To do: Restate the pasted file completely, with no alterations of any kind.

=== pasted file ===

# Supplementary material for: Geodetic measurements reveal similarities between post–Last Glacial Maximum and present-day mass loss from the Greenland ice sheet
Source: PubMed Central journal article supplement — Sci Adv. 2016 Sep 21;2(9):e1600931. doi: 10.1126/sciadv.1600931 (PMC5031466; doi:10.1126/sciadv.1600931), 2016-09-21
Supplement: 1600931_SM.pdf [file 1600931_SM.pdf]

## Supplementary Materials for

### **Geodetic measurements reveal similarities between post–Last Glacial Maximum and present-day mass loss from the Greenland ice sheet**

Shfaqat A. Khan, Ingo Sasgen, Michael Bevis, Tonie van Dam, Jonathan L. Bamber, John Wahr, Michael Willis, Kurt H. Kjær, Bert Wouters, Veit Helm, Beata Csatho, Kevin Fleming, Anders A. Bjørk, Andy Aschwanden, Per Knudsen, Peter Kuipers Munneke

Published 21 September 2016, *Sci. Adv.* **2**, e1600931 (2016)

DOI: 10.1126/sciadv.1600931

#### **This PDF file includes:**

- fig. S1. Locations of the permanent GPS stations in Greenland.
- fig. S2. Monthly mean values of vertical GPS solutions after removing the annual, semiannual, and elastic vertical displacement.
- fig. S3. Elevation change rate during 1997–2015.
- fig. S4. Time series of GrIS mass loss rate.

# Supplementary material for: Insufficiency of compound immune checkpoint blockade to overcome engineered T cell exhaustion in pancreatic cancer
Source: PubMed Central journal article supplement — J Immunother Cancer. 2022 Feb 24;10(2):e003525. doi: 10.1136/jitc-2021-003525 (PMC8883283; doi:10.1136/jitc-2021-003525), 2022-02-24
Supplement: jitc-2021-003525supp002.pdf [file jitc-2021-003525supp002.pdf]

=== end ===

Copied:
# Supplementary material for: Geodetic measurements reveal similarities between post–Last Glacial Maximum and present-day mass loss from the Greenland ice sheet
Source: PubMed Central journal article supplement — Sci Adv. 2016 Sep 21;2(9):e1600931. doi: 10.1126/sciadv.1600931 (PMC5031466; doi:10.1126/sciadv.1600931), 2016-09-21
Supplement: 1600931_SM.pdf [file 1600931_SM.pdf]

## Supplementary Materials for

### **Geodetic measurements reveal similarities between post–Last Glacial Maximum and present-day mass loss from the Greenland ice sheet**

Shfaqat A. Khan, Ingo Sasgen, Michael Bevis, Tonie van Dam, Jonathan L. Bamber, John Wahr, Michael Willis, Kurt H. Kjær, Bert Wouters, Veit Helm, Beata Csatho, Kevin Fleming, Anders A. Bjørk, Andy Aschwanden, Per Knudsen, Peter Kuipers Munneke

Published 21 September 2016, *Sci. Adv.* **2**, e1600931 (2016)

DOI: 10.1126/sciadv.1600931

#### **This PDF file includes:**

- fig. S1. Locations of the permanent GPS stations in Greenland.
- fig. S2. Monthly mean values of vertical GPS solutions after removing the annual, semiannual, and elastic vertical displacement.
- fig. S3. Elevation change rate during 1997–2015.
- fig. S4. Time series of GrIS mass loss rate.

# Supplementary material for: Insufficiency of compound immune checkpoint blockade to overcome engineered T cell exhaustion in pancreatic cancer
Source: PubMed Central journal article supplement — J Immunother Cancer. 2022 Feb 24;10(2):e003525. doi: 10.1136/jitc-2021-003525 (PMC8883283; doi:10.1136/jitc-2021-003525), 2022-02-24
Supplement: jitc-2021-003525supp002.pdf [file jitc-2021-003525supp002.pdf]